Apple CEO Tim Cook says he made one simple change that helps him avoid becoming addicted to his iPhone
- Apple CEO Tim Cook said he doesn't want people to use their phones so much.
- Apple is trying to inform people of how much they use their phones through its weekly Screen Time report.
- Cook said that reading his own report made him make one simple change that limited how much he himself was using his phone: he "gutted" his screen notifications.
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Phone addiction has become such a worldwide problem that even the Pope weighed in this month.
Pope Francis warned a group of high schoolers about it during a meeting at their school in Rome, reports the Catholic magazine America. He told the teens to "please, free yourselves from your phone addiction," explaining that "when the phone is a drug," there's a danger of "communication being reduced to simple 'contacts'."
On Tuesday, Apple CEO Tim Cook agreed.
Cook was asked about how ordinary people are touching their phones thousands of time a day during an on-stage interview at the Time 100 Summit.
He agreed that many kids may be using their phones too much, and that this was the impetus for Apple's Screen Time reports, which rolled out in early 2018.
"It's also the parents that are using it too much. We all are, or many of us are," Cook said.
When asked about one study that found people, on average, touch their cell phones 2,617 times per day, he joked, "Ah, well you shouldn't be doing that."
He explained that the folks at Apple "don't want people using their phones all the time. This is never been an objective for us", and said constant phone usage is not Apple's business model.
That's a subtle dig at the ad-supported apps of the world - like Facebook, Instagram, Twitter, and Snapchat - that try to keep people coming back for more interaction with their apps, which helps them sell more ads.
"It is clear that there are certain apps that people can get in the mindset of just scrolling through mindlessly and continuously picking up their phones and looking to see what is happening this second," Cook said.
He also echoed the Pope's assessment about how phones hurt communication, too.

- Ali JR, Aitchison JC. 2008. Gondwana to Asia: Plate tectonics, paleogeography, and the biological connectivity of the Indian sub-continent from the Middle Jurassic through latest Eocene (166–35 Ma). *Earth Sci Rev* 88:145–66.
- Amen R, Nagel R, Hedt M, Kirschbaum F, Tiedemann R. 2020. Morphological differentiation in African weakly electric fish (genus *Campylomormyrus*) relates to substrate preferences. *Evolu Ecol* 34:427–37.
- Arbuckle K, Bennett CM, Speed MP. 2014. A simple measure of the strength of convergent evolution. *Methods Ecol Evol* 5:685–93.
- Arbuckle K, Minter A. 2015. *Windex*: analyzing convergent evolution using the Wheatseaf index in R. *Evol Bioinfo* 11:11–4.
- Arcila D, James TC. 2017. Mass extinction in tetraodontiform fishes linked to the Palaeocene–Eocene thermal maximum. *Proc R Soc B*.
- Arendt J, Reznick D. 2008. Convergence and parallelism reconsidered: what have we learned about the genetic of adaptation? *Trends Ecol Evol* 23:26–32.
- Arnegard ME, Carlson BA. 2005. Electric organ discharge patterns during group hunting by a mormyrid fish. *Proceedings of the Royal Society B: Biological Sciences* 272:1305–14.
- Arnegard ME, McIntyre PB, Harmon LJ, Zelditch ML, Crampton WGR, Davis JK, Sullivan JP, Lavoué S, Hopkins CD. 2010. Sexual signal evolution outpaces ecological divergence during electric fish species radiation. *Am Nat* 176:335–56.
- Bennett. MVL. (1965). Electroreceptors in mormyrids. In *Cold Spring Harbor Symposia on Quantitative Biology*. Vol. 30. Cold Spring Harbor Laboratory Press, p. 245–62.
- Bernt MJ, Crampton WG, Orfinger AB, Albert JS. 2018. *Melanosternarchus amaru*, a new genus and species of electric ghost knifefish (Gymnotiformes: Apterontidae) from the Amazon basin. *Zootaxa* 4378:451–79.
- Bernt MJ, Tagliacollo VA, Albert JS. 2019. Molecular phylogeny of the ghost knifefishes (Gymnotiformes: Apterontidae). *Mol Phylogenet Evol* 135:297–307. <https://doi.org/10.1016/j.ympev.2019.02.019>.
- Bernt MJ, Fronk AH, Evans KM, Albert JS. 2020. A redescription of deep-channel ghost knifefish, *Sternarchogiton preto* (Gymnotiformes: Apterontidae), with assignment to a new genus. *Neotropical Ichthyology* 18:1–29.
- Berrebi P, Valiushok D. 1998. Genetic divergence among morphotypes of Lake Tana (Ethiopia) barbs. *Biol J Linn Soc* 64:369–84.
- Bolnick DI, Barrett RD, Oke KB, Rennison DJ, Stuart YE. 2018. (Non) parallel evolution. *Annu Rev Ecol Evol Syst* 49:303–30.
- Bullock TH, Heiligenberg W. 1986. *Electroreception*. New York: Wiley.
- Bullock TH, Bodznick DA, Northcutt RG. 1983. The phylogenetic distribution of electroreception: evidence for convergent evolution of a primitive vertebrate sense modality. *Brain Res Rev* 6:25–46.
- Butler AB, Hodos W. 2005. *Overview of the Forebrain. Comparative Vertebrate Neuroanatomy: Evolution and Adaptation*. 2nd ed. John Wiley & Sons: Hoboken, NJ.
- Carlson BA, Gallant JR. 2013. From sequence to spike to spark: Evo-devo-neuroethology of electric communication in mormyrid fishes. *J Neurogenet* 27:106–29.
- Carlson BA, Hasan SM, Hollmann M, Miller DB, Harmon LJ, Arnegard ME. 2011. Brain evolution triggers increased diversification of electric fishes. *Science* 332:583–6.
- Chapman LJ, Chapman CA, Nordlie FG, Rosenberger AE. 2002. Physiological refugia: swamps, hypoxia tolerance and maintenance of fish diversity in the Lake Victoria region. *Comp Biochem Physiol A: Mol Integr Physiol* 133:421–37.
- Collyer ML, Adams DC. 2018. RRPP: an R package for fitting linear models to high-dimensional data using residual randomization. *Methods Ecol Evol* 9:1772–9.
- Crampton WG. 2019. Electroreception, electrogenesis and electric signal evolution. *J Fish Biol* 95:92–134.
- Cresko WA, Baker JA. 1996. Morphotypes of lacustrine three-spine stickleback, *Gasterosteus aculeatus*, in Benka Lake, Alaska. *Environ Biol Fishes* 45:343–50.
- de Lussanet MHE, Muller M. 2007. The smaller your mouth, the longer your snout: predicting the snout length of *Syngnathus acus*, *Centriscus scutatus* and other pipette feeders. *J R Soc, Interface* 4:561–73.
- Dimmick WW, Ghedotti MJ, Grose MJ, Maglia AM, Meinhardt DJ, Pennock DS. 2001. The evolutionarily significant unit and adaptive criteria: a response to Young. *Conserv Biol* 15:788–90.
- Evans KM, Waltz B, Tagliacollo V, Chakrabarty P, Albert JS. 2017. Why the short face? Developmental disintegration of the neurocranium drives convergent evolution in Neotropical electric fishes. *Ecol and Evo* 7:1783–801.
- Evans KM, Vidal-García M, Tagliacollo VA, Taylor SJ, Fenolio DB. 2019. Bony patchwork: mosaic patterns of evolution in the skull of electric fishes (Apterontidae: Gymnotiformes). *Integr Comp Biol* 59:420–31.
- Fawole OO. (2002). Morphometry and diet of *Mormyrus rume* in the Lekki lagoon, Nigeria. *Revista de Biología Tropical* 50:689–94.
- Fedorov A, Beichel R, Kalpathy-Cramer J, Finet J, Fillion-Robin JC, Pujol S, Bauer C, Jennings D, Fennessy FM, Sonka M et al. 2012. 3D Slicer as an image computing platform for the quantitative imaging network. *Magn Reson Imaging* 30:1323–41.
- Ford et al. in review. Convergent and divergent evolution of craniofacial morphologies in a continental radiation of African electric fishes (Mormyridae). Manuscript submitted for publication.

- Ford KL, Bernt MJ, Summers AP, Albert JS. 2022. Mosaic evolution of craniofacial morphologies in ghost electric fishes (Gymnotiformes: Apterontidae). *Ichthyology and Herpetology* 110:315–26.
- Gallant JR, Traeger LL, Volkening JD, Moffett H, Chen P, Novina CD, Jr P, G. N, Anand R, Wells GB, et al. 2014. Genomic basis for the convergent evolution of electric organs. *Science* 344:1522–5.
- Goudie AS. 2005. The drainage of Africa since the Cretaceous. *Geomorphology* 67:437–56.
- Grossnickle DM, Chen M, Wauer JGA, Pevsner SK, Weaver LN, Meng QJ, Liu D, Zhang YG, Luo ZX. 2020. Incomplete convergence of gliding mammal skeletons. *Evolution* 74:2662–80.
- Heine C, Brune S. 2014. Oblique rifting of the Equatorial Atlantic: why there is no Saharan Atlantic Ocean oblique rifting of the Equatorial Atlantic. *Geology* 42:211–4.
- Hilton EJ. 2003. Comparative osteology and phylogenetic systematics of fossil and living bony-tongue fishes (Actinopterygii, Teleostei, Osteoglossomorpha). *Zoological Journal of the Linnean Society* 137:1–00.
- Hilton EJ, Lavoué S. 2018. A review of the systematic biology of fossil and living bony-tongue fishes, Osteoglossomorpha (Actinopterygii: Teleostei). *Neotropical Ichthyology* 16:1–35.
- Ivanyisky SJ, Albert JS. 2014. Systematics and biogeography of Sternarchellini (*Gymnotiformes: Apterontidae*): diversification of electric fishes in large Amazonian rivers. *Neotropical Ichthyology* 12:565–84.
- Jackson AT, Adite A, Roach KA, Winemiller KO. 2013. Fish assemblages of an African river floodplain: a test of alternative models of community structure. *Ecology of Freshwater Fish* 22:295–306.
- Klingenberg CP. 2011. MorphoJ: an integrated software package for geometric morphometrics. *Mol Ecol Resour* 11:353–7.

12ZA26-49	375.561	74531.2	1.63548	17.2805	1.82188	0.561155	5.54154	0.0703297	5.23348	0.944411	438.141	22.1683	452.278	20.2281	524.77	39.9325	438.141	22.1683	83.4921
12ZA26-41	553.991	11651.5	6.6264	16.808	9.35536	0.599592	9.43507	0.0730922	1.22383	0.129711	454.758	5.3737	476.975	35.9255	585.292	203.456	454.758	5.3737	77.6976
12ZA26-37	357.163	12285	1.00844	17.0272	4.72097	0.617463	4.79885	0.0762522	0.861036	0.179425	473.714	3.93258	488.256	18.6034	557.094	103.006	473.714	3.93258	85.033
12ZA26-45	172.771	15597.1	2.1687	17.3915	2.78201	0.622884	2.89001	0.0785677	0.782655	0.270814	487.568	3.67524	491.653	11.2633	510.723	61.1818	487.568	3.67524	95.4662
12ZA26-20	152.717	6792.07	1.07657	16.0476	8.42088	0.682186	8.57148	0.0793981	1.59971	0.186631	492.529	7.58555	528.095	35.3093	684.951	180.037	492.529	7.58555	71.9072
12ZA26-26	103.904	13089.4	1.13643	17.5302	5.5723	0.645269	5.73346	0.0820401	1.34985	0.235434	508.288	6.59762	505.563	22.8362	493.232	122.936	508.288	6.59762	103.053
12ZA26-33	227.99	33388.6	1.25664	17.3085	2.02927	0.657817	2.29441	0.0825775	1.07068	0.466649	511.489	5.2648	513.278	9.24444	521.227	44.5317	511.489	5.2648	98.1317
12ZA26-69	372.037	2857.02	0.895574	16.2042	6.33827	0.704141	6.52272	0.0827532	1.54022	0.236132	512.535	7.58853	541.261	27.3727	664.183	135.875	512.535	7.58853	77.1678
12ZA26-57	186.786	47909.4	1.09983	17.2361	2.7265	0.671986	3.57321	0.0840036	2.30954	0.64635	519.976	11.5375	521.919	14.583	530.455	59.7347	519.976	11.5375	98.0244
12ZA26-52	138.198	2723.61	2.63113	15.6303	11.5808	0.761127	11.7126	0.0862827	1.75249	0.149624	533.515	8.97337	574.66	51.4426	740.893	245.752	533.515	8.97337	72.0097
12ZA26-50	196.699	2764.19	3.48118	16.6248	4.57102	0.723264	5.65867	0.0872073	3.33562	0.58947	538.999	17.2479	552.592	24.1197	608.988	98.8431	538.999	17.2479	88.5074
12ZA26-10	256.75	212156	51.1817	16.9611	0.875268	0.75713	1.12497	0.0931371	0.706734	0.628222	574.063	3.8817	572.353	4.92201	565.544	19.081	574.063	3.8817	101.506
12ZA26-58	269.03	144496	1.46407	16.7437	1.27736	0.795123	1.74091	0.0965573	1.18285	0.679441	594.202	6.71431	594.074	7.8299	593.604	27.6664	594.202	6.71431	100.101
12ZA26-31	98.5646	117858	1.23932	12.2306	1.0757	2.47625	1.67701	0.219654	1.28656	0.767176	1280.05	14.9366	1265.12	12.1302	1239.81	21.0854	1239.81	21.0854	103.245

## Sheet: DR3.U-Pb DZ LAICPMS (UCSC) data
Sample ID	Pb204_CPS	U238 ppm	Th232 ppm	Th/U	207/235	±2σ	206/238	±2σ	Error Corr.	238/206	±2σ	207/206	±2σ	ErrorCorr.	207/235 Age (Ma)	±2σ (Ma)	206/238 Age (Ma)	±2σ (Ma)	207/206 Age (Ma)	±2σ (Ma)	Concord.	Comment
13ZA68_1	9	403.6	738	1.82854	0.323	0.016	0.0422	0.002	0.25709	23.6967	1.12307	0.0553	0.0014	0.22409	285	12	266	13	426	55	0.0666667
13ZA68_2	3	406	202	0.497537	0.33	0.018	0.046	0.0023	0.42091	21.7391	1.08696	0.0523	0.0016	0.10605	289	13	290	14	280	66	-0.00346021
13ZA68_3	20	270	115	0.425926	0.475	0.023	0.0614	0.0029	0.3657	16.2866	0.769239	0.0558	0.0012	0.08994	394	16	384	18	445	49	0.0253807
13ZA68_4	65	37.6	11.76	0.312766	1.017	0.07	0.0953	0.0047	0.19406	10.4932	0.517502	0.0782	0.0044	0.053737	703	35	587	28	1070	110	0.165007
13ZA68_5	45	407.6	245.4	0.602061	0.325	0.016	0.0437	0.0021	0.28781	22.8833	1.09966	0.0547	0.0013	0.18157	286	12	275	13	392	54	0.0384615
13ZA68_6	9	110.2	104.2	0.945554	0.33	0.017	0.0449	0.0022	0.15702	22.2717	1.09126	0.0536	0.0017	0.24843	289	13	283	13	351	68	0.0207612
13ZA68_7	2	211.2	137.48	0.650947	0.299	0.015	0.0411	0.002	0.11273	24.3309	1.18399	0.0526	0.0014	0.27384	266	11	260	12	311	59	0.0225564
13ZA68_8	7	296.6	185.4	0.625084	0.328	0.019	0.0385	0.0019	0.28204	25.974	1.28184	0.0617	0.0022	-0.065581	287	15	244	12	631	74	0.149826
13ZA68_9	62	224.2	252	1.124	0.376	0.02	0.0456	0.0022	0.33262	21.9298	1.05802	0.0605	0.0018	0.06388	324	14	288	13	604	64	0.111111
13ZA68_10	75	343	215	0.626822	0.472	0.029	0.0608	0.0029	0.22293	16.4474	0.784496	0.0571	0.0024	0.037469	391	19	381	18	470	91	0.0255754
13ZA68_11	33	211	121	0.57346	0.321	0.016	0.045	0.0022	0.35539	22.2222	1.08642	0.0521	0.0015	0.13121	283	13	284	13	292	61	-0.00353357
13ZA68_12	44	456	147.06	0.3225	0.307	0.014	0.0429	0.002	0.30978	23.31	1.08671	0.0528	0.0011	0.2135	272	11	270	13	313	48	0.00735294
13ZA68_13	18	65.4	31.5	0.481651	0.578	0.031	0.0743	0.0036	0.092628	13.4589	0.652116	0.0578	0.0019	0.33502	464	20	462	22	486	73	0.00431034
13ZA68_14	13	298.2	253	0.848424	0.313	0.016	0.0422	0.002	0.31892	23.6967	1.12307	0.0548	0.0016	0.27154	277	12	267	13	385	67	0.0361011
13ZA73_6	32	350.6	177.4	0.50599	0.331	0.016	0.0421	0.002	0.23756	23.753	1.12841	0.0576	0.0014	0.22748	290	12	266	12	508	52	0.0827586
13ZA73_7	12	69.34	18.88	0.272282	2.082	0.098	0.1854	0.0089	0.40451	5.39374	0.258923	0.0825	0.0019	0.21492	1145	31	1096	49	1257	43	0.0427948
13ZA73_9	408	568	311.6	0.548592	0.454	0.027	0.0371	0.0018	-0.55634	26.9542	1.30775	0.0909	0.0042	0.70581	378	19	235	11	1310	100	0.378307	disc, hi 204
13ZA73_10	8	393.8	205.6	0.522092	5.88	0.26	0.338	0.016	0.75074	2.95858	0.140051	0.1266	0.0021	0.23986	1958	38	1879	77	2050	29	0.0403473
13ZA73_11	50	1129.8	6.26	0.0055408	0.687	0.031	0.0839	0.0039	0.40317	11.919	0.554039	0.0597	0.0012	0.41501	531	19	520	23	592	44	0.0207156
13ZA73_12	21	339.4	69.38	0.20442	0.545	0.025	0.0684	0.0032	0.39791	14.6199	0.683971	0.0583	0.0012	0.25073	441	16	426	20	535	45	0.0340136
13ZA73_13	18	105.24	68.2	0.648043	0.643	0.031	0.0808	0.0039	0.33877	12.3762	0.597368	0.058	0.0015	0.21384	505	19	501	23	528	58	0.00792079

He said one change people should make is this: stop paying attention to your phone instead of the people in the room with you.
"Every time you pick up the phone, it means you are taking your eyes off the person you are dealing with. If you are looking at your phone more than you are looking at someone's eyes? You are doing the wrong thing!" Cook said.
Gutting your notifications
Cook said he learned that lesson personally by reading his own Apple Screen Time reports, which lead him to make another simple change that keeps him from being distracted by his phone thousands of times of day: He turned off app notifications.
"What's it's done for me personally? I've gone and gutted the number of notifications, because I really asked myself, do I really need to be getting thousands of notifications a day?" Cook said. "It is not something that is adding value to my life or making me a better person. So I went in and chopped that."
"I recommend you do this if you haven't already," he added.
There are multiple ways to limit app notifications on an iPhone while still letting the device alert you to anything important. These include disabling notifications on each app through the "Notifications" tab in "Settings"; using "Do Not Disturb" both manually (while at dinner or the movies) and setting it up automatically (like at bedtime); and selectively earmarking contacts or email strings as VIPs, so you are alerted to their emails and don't need to constantly check your phone for them.
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